Academic journal article The Southern Literary Journal

Two Young Brothers and Their Orion

Academic journal article The Southern Literary Journal

Two Young Brothers and Their Orion

Article excerpt

Lest any reader might be uncertain about the pronunciation of the magazine Orion, the editor in the third issue presented a poem to the public to clear up the matter:

A Receipt

To Pronounce the Name of This Magazine

   Three syllables distinct and clear
   In this euphonious word appear,
   The first a single vowel O--
   In full and lengthened tone should flow;
   The second an accented Ri--
   Go ask the ancient classics why;--
   The third the lips their skill may try on,
   And thus pronounce the whole ORION! (1)

But why should this particular name be chosen? The editor had an answer. The most magnificent constellation in the southern hemisphere, the Orion, has more "large and brilliant stars than any other in the heavens." The editor saw an analogy between his magazine and this heavenly body. To be sure, the stars of his Orion were "not yet brighter than those of other literary constellations," and it was perfectly true that the magazine was not yet "visible to the whole literary world," but the editor viewed the situation optimistically. He believed that one day his stars would be brighter and more visible when they had reached "the meridian of their fame." This musical name, the Orion, therefore, was selected as "a name for the future, rather than the present." (2)


To mention the Orion is to think of two young brothers, only twenty-four and twenty-two, who collaborated on it during its two years of existence, one as editor and the other as artist--and both as authors. This was an early venture for them and, to some extent, foretold the success they would have later on in their careers.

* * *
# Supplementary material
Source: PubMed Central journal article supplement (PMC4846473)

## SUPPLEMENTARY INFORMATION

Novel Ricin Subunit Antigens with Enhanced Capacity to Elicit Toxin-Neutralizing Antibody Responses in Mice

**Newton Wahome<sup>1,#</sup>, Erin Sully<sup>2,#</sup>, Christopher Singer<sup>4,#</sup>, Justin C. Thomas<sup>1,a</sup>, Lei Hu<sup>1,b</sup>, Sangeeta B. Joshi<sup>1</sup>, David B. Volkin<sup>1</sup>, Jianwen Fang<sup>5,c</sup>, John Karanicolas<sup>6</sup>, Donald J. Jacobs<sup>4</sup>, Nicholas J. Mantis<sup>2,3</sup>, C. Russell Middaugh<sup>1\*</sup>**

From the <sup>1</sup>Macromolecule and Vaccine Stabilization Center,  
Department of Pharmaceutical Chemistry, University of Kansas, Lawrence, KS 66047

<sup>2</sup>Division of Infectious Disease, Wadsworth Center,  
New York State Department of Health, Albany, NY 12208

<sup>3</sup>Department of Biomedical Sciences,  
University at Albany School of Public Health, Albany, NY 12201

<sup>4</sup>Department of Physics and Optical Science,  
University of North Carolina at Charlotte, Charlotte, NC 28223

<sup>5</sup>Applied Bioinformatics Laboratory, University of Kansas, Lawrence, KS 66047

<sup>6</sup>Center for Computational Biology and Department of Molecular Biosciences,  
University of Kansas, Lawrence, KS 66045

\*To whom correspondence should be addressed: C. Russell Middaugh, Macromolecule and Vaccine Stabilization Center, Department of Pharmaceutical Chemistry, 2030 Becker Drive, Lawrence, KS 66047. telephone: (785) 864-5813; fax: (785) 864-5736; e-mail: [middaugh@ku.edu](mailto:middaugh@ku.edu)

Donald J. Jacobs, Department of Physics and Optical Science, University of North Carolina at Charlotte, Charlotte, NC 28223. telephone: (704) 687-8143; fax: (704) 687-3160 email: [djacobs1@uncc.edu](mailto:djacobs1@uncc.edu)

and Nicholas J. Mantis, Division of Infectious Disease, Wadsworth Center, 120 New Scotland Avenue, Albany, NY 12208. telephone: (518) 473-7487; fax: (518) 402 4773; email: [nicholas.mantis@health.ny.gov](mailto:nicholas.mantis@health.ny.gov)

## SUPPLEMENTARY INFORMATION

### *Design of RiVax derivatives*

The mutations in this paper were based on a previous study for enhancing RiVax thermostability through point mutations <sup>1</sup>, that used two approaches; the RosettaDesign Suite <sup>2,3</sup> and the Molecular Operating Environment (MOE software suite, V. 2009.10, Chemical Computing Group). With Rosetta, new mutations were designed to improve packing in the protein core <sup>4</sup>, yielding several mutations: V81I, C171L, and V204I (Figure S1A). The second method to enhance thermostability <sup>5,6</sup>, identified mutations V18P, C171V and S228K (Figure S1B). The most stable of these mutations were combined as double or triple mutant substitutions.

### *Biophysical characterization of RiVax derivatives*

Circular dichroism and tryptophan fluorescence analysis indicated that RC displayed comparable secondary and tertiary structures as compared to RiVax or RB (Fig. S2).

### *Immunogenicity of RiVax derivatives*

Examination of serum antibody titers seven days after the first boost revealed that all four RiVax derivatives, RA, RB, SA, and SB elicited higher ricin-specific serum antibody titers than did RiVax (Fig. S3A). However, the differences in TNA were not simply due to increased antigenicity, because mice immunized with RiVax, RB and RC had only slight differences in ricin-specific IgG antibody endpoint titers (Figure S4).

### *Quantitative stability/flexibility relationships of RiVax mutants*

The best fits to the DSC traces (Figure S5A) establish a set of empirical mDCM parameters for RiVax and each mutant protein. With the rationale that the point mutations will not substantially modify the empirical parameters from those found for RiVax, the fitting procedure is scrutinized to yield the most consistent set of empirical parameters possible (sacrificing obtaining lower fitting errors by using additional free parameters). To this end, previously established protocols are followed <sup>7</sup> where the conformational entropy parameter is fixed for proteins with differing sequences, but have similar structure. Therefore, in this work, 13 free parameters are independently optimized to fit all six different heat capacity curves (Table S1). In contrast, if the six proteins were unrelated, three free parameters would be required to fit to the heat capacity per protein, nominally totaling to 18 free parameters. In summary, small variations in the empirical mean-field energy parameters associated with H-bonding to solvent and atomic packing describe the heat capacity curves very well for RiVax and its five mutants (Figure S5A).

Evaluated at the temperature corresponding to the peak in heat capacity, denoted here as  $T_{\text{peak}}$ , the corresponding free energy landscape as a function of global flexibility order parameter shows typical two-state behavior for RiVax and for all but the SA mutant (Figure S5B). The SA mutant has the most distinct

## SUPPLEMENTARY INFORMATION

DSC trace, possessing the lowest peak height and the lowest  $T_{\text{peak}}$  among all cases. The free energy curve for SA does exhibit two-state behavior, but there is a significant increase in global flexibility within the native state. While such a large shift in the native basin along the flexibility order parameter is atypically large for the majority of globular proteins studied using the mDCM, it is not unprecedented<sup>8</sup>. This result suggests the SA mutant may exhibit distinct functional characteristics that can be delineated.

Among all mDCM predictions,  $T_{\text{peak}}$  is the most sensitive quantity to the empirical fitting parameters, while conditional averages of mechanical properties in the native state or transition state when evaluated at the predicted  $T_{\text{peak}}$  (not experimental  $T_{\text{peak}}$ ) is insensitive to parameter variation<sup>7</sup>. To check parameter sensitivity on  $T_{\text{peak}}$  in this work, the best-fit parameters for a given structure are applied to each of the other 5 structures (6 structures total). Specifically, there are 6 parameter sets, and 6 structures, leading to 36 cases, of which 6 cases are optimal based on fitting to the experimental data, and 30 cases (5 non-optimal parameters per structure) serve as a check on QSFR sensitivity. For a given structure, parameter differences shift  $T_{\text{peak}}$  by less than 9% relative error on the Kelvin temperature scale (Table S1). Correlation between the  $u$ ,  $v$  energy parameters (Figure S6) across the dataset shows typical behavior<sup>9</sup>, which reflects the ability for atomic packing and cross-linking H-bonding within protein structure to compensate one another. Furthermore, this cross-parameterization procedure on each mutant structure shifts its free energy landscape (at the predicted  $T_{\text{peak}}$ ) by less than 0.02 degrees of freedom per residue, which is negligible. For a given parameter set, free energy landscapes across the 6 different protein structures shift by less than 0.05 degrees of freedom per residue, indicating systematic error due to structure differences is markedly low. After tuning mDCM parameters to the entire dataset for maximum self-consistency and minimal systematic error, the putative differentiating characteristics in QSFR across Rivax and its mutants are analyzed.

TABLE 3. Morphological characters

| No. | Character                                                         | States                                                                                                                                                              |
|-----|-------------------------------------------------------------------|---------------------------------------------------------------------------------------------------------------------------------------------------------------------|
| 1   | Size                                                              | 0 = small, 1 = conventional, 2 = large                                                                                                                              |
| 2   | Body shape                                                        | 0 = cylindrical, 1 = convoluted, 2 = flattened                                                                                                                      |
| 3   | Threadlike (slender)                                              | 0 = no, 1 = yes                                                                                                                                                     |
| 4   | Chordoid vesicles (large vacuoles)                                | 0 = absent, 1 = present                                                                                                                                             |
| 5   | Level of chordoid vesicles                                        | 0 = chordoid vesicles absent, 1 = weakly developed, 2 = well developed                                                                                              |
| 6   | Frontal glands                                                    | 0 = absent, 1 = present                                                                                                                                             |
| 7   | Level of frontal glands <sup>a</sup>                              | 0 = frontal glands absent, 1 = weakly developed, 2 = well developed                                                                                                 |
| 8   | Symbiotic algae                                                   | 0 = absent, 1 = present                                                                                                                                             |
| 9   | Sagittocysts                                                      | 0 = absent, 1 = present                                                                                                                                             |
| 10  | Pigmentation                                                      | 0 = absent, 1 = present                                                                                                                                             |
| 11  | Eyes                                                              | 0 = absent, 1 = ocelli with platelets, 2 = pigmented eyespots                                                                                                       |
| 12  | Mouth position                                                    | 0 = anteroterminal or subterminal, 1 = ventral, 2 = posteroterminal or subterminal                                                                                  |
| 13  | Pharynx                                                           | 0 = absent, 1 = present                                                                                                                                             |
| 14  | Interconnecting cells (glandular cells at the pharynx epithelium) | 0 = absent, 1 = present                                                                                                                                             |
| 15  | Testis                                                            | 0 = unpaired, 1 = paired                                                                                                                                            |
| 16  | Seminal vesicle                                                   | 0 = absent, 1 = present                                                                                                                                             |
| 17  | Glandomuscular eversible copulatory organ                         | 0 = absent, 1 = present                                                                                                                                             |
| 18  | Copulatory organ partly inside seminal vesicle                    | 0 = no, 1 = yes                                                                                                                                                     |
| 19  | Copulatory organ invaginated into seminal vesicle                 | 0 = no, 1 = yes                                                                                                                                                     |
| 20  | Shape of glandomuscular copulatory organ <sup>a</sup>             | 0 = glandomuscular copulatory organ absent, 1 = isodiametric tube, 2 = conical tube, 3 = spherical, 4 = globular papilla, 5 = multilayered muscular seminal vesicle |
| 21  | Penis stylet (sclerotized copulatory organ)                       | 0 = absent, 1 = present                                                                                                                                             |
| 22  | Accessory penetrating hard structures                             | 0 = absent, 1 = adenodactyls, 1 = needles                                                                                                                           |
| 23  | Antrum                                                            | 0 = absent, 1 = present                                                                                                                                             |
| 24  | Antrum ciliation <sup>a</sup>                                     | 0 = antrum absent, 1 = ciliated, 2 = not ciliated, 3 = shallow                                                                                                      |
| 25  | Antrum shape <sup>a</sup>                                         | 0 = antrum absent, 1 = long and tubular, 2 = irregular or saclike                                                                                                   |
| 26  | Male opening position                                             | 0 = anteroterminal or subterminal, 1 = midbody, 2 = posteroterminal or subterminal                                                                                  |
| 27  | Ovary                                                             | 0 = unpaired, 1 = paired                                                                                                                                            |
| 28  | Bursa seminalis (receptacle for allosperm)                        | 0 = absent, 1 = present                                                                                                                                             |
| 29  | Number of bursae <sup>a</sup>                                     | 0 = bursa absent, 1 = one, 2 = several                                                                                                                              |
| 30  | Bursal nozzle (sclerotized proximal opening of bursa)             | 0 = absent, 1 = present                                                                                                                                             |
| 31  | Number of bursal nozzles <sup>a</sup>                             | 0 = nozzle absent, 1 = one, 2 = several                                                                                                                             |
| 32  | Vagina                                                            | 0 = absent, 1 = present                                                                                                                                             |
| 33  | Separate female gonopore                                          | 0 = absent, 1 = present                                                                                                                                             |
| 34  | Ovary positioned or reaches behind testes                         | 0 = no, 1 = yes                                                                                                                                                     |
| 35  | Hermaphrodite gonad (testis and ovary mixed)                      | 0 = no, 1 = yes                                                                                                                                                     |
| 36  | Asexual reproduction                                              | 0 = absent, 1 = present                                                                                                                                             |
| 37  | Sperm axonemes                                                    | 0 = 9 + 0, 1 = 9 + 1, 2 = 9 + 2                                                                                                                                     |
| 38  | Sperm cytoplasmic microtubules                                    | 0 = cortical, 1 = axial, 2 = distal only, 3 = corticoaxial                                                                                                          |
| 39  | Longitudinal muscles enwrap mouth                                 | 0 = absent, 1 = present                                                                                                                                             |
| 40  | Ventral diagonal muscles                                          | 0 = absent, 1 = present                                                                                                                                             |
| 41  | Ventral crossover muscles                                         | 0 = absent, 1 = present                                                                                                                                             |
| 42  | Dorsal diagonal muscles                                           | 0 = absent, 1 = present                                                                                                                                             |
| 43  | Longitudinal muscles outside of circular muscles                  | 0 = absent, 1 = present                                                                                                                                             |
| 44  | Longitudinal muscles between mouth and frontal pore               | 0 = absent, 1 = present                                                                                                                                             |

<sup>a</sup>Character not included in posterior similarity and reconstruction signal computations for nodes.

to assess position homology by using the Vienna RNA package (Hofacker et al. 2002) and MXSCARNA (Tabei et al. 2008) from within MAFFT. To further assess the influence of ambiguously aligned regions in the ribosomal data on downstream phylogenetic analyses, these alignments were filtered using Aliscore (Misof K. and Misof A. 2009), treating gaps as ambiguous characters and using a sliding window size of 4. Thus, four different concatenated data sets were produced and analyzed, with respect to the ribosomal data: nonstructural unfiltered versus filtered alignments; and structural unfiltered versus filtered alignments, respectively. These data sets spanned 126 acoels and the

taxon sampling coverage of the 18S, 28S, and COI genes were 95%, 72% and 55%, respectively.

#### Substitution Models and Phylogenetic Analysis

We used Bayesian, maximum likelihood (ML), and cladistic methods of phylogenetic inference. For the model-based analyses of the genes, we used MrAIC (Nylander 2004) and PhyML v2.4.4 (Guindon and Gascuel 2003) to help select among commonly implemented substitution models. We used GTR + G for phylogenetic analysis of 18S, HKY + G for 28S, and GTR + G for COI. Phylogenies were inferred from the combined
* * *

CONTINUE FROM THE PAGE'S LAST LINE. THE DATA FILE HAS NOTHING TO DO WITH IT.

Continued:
Both were born in London, England, the sons of a Baptist preacher who came to America when the boys were thirteen and eleven. The father, after being pastor of a Baptist church in Hudson, New York, went to South Carolina and to Georgia, finally settling at Penfield, Georgia. Here the boys furthered their education and started their magazine.

The editor, William Carey Richards (1818-1892), graduated from Colgate University in 1840. After his stay with the Orion and several other Southern magazines, he became a Baptist preacher in Providence, Rhode Island, in 1855. Thereafter he served as pastor of several churches. Another interest of his was science, and for a short period he was Professor of Chemistry in the Berkshire Medical College. The author of several books and articles, he received the Ph.D. degree from Colgate University in 1869 when he was fifty-one. (3)

The artist, Thomas Addison Richards (1820-1900), also in time left Georgia, studied art at the National Academy of Design for several years, became an associate of the Academy and eventually its corresponding secretary. The author of numerous books on travel and art, he contributed illustrations to Harper's Magazine and to the Knickerbocker, organized the first class in the Cooper Union School of Design for Women, and finally became Professor of Art in what is now New York University. An artist whose works belong with the Hudson River School, he was one of the best landscape painters in the United States. (4)

These two Richards brothers attempted to establish high standards for their youthful endeavor, the Orion. An advertisement in one issue said that the literary character of the magazine would be "as elevated as the best writers of the South with much talent from various parts of the world, can make it." The articles would be "strictly original," and only those works with a certain "standard of excellence" would be printed. Furthermore, the articles were to come from a number of disciplines: "History, Biography, Narrative, Philology, Ethics, Metaphysics, Physical Science, Fiction, Poetry, and the Fine Arts." The aim was not to have just a "magazine of Love Tales and Ghost Stories--the mere froth of Literature--but to contribute to the real mental wealth" of its readers. (5)

One field that was omitted was politics. …

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